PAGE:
IN: Reviews

Another Maverick Marathon


Ilya Yakushev
Ilya Yakushev

Maverick Concerts is not exactly stingy in its programming. But the past weekend was unusually generous, with a 3 hour and 20 minute concert on Saturday, and a Sunday afternoon program lasting 2 hours and 40 minutes.

The Jupiter String Quartet drew a large audience to the Maverick Concert Hall in Woodstock. The average size of the audience tends to increase as the end of the season approaches, with people trying to use up the remainder of their ticket books. But since this group has played at Maverick before, as has pianist Ilya Yakushev, they might have developed followings which converged on this occasion.

The concert began with Mozart’s Quartet in D, K. 575, the first of the three “Prussian” Quartets which concluded Mozart’s string quartet output. The Jupiters took the first movement at a very sensible Allegretto tempo as Mozart asked, included the first movement exposition repeat, and gave us very clean playing with a classically modest attitude but still quite expressive. I found the Menuetto a bit too mild-mannered, but otherwise the playing was excellent.

Maverick has been attempting to celebrate the 150th anniversary of Richard Strauss’s birth this summer, a difficult task for a chamber music festival. Oddly enough, his popular Violin Sonata wasn’t included in the season. The Jupiters and Yakushev brought us a real novelty: Strauss Piano Quartet in C Minor, Op. 13, written when the composer was 20. I doubt I’ve ever heard this piece before. It’s quite derivative, with young Strauss’s influences very obvious: Dvořák, here, Mendelssohn there, and a pretty heavy dose of Brahms overall. The piece is also overlong (37 minutes). But it’s not juvenilia, and in this adept and well-coordinated performance it managed to hold my interest pretty well through most of its length. I won’t be in a hurry to hear it again, though, especially not the episodic finale.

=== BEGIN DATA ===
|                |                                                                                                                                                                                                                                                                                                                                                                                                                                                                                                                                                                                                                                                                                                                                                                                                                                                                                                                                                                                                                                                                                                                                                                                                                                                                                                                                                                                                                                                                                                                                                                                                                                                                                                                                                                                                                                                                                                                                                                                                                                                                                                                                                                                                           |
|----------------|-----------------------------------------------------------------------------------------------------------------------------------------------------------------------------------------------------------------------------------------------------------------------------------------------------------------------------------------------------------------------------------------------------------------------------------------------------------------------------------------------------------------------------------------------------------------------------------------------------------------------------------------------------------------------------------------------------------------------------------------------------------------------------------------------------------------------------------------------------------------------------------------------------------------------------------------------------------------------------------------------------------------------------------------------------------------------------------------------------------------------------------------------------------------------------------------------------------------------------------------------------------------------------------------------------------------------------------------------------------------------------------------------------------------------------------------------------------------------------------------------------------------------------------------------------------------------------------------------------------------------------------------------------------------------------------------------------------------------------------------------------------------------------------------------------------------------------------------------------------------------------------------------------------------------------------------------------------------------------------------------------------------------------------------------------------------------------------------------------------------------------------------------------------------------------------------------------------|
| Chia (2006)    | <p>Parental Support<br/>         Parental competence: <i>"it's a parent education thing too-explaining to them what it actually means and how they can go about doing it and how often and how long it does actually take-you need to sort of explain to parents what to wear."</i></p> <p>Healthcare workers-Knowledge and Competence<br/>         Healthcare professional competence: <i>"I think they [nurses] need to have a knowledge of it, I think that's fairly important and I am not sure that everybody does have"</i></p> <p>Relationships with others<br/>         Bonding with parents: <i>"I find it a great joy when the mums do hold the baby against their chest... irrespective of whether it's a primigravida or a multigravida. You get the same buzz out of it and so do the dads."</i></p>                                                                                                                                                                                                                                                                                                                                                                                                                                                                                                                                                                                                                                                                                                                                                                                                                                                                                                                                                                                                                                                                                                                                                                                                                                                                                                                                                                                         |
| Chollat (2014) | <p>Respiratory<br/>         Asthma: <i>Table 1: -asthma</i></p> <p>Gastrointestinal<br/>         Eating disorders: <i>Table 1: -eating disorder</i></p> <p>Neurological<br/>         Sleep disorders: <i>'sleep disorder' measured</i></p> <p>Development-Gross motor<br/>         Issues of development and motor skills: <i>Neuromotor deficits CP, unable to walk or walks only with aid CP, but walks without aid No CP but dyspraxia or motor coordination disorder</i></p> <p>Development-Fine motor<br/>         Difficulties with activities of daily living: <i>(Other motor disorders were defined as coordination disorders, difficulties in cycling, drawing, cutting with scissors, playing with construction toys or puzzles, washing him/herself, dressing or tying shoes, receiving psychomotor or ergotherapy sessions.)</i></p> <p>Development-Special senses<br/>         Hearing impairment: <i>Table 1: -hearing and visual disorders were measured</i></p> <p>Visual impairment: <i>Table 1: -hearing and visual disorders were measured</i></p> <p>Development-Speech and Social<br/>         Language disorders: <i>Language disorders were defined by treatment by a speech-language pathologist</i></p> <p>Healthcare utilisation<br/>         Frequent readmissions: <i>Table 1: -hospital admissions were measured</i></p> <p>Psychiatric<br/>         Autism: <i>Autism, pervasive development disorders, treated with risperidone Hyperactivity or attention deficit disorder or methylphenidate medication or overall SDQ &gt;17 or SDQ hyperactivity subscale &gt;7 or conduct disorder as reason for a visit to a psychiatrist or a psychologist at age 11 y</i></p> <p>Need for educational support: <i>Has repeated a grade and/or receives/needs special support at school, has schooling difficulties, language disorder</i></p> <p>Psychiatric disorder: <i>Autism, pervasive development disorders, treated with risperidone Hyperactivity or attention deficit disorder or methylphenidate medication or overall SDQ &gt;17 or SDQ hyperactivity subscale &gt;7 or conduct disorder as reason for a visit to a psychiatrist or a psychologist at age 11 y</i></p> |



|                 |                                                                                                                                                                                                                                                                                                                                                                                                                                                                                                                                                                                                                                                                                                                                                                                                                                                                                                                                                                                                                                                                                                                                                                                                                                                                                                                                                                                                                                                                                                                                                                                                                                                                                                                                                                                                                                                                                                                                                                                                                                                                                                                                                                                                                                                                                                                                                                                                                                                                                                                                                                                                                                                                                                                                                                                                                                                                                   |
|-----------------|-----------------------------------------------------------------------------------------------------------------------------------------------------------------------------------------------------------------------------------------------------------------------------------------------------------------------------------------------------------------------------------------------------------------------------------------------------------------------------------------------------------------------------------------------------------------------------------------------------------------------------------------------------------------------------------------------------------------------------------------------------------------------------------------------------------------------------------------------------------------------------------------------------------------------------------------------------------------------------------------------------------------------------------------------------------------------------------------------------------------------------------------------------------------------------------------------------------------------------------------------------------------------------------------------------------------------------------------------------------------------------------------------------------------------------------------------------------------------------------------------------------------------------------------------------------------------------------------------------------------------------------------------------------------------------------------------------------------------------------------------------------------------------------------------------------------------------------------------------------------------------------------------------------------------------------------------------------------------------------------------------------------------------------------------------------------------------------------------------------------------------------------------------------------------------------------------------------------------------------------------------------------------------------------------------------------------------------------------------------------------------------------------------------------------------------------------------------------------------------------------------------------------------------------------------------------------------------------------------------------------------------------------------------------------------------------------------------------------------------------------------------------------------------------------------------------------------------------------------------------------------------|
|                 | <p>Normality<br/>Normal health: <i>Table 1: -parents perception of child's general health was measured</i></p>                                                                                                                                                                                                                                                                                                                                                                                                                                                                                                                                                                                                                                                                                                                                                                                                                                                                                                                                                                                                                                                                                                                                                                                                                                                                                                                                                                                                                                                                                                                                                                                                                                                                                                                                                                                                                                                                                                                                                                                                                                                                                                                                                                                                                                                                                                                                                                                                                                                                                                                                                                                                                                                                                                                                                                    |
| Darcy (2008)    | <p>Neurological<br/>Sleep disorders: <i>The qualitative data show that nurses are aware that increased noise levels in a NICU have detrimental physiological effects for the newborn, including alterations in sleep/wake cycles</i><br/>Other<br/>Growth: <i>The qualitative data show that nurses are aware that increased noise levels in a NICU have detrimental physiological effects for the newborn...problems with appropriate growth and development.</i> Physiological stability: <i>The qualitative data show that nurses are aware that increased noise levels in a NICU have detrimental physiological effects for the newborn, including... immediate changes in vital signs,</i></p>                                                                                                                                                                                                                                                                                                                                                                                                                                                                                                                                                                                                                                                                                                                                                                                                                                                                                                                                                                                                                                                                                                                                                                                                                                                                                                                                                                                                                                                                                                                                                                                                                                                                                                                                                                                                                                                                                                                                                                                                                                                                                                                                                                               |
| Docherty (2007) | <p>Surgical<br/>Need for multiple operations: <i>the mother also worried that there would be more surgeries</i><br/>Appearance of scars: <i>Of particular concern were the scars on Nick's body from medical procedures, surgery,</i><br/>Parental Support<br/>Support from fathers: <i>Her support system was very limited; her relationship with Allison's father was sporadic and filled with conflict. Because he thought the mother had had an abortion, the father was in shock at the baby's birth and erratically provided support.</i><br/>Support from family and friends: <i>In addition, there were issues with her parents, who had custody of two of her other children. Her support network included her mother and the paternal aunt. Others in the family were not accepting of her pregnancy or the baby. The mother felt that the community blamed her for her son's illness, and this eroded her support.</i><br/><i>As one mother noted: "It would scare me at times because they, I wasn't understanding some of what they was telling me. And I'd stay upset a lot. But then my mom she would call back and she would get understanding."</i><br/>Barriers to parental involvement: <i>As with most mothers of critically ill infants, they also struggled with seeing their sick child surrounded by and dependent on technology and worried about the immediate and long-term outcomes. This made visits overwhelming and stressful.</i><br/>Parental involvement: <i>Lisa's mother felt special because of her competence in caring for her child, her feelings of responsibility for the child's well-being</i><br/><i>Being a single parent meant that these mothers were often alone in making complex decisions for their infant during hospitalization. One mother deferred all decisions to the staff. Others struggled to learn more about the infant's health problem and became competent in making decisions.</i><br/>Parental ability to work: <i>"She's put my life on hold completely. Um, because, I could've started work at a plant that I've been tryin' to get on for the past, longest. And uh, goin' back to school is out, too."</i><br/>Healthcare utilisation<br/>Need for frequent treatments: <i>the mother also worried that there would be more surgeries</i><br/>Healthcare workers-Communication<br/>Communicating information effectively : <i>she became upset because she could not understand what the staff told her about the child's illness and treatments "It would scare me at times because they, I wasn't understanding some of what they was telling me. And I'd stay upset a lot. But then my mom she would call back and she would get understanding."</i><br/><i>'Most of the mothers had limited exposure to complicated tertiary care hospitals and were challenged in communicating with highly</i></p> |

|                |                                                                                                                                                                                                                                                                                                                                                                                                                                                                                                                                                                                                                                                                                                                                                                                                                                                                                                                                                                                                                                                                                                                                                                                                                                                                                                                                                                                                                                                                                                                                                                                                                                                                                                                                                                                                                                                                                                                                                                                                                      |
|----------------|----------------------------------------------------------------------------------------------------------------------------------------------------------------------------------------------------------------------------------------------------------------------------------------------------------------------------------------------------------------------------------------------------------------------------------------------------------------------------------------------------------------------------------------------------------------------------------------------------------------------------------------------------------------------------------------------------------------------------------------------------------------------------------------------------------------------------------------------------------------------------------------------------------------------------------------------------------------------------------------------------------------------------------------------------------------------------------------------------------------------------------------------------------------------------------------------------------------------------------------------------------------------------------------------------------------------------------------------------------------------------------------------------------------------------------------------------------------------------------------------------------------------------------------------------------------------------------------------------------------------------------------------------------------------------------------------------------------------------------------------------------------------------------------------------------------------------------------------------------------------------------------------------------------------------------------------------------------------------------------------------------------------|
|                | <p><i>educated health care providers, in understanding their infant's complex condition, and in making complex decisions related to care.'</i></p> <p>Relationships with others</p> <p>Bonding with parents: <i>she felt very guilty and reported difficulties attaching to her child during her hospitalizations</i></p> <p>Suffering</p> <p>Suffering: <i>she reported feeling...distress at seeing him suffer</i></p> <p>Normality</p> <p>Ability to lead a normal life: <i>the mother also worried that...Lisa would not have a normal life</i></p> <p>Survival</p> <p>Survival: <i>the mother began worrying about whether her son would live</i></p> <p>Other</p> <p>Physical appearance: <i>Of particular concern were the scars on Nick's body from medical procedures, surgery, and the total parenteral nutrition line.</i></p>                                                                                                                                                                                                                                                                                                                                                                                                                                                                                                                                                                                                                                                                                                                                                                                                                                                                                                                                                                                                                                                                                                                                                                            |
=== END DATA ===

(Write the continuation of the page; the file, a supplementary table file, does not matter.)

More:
Jupiter String Quartet
Jupiter String Quartet

I guess Busoni belongs to Strauss’s era, which may have given Yakushev an excuse to play Busoni’s famous transcription of the Bach Chaconne. For me, this piece is something of a monstrosity, exaggerating Bach’s dramatic music to the point of melodrama. If you really want to play the Bach Chaconne on the piano I’d suggest sticking with Brahms’s respectful and ingenious version for piano left hand. Yakushev played it with at least some restraint and did his best to make sense of it, although there were a few slightly garbled passages. I would have preferred some of Busoni’s original piano music.

By now the concert had been going for over two hours, and I noticed some of the audience bailing out before the last piece started. Their loss! it was the Brahms Piano Quintet, a certified masterpiece. I felt this performance betrayed its get-together-for-a-summer-festival-performance nature just a bit, and the expression in the second movement Andante struck me as too mild. Still, these were very fine musicians at work in a performance full of subtleties and moments of genuine grandeur

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